When the Coronavirus (COVID-19) crisis hit, the climbing industry was rightly quick to report on the widespread gym closures. A vast majority of the gyms in the United States and Canada, deemed non-essential businesses, were forced to temporarily cease operations in order to help slow the virus’ spread. After a few months, beginning in early May, those myriad closed gyms began to reopen. But lost amid that shift was another important category: gyms whose grand openings were scheduled to happen right around the time the pandemic was in full-force.
Climberz, a bouldering-only facility in Tea, South Dakota, was one such gym. Now, months after it was originally scheduled to have its public unveiling, Climberz went forward with its opening—making it perhaps the first new climbing gym to open while Coronavirus remains a threat. But any news announcement about the gym’s opening doesn’t tell the full story, so CBJ sat down with Climberz’ owner Travis Klinghagen to get more details about founding a gym amid a global pandemic.
CBJ: You’re one of the first climbing gyms—if not the first—to open in this new era, whether we want to call it a “pandemic period” or a “post-pandemic period.” Suffice to say, things are different now.
Klinghagen: Yeah, we were planning to open in the beginning of April. But when this all hit, we had to postpone everything and kind of wait it out. Luckily, in South Dakota, we don’t have the greatest numbers of cases, so everything is a little more free and open right now. Everything is kind of going back to—I wouldn’t say “normal,” but we’re trying to get through as best we can.
CBJ: When you say you had to “postpone everything,” what did that entail?
Klinghagen: We had already signed our lease, and we had already started construction. All that was underway. So we had to talk with our landlord. Fortunately, he worked with us and basically allowed us to continue construction and defer our payments until a later time. So that really helped us out.
The delay gave us enough time to do things that we wanted to do but maybe wouldn’t have been able to do because we were on a short timeline for construction. So, the postponement actually gave us a little more breathing room to finish some things that we really wanted to do. We added some square footage to our facility and actually made it a better gym. It was unfortunate that we couldn’t open exactly when we wanted to, but I think it worked out. There’s kind of a silver lining there. The way that our gym is, we don’t have a huge staff, and we don’t have a huge management team. It’s basically just me and my father. We were doing all of the construction.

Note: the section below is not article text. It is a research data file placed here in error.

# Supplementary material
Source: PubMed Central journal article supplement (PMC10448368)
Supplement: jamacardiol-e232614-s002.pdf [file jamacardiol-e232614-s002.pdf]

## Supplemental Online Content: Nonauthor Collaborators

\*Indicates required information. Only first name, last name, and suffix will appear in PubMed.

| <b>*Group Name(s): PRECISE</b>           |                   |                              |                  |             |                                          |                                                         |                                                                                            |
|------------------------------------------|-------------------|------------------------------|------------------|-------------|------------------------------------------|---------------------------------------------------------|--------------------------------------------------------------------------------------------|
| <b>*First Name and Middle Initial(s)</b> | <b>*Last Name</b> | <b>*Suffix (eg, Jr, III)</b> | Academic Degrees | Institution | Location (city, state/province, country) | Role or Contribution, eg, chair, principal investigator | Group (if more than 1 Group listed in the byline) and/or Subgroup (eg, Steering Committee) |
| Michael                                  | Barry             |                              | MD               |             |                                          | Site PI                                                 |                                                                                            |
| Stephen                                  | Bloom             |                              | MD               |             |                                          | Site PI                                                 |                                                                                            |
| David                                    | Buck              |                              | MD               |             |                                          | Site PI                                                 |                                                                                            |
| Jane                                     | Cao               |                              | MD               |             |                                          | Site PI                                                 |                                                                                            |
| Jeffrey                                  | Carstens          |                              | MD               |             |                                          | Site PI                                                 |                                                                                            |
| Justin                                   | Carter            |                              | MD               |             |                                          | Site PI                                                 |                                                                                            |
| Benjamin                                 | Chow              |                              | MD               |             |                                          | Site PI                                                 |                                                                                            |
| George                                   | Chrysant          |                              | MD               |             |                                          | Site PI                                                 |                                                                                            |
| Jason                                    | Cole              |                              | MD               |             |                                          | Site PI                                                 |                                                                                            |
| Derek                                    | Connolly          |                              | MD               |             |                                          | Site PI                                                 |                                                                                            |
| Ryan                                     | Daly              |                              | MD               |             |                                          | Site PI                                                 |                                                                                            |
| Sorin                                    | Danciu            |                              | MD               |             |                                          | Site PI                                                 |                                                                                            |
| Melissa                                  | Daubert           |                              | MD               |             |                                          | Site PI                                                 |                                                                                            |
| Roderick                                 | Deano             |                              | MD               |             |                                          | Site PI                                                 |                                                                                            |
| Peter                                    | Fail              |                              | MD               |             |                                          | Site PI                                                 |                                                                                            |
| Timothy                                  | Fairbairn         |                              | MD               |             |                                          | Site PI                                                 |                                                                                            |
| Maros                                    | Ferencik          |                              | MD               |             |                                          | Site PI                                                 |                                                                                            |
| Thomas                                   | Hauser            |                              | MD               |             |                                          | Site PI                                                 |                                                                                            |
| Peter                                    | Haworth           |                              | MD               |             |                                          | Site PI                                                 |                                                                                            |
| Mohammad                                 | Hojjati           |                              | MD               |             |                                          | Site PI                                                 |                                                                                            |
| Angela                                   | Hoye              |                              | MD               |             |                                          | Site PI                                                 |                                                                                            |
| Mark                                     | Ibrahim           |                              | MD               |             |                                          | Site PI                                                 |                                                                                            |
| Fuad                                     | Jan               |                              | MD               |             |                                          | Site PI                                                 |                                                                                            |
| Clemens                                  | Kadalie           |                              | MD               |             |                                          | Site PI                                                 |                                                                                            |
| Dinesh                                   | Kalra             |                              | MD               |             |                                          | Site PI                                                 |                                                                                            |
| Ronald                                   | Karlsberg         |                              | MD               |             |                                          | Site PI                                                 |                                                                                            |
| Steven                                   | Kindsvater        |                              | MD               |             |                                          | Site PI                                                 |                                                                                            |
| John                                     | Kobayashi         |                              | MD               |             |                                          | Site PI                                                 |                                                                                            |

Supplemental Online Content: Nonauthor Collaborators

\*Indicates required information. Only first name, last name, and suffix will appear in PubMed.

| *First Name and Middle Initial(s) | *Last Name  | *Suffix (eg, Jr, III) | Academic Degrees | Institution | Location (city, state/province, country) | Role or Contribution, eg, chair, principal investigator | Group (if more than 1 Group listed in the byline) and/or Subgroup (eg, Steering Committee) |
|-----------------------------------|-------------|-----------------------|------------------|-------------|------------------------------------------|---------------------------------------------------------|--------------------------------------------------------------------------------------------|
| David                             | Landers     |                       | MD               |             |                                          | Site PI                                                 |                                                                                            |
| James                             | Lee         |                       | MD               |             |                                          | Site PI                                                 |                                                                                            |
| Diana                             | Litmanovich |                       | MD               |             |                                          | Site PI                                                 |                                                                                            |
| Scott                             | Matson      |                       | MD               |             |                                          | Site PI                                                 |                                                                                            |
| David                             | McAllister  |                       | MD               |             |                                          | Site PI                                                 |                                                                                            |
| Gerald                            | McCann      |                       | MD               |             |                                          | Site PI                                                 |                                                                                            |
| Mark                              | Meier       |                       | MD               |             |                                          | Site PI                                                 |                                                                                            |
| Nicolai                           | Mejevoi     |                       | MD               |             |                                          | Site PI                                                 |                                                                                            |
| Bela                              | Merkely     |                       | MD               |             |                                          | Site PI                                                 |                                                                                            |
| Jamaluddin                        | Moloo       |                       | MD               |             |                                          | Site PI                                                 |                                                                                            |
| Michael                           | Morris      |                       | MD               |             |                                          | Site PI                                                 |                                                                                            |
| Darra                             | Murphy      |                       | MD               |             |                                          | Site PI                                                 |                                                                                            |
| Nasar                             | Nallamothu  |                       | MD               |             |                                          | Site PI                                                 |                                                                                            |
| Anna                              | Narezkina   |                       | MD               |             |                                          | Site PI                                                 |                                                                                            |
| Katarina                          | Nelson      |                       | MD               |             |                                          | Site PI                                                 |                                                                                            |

CBJ: Was there ever a time during the pandemic crisis and the spread when you were thinking that you’d be forced to scrap the idea of opening a gym altogether?
Klinghagen: At the beginning, it was very confusing. It still is confusing. It’s a hard time to figure out what to do—and what the right thing to do is. When the pandemic first hit, we didn’t know how long it was going to be, and I couldn’t just hold off on opening indefinitely. It was definitely stressful, but I never really thought that we wouldn’t get through it. I always thought we would find a way to get this to work in some form or fashion. I talked with people and other gym owners—and the people who I am working with, my landlord. We kept the lines of communication open. As long as I did that, it felt like we were all in it together instead of just me freaking out by myself.
CBJ: When did you first start working on the gym?
Klinghagen: If we’re talking about our opening in June 2020, that would be a three-year-long endeavor. And it morphed into a bunch of different versions over that time. When I first got the idea to open a climbing gym, it was going on a bigger-scale version where we would need bank financing. Over time, we just kind of picked away at that initial idea. We actually did get bank financing eventually, but we chose to do a different route. We chose to not go with any financing and just open a smaller version [4,100-square-feet] of a bouldering facility. That’s what we will start off with, and we can then build that into bigger spaces and some different types of climbing.
CBJ: I can’t help but wonder how things might have been different if this pandemic had hit and you had stayed with your bigger plan—with significant bank financing and whatnot.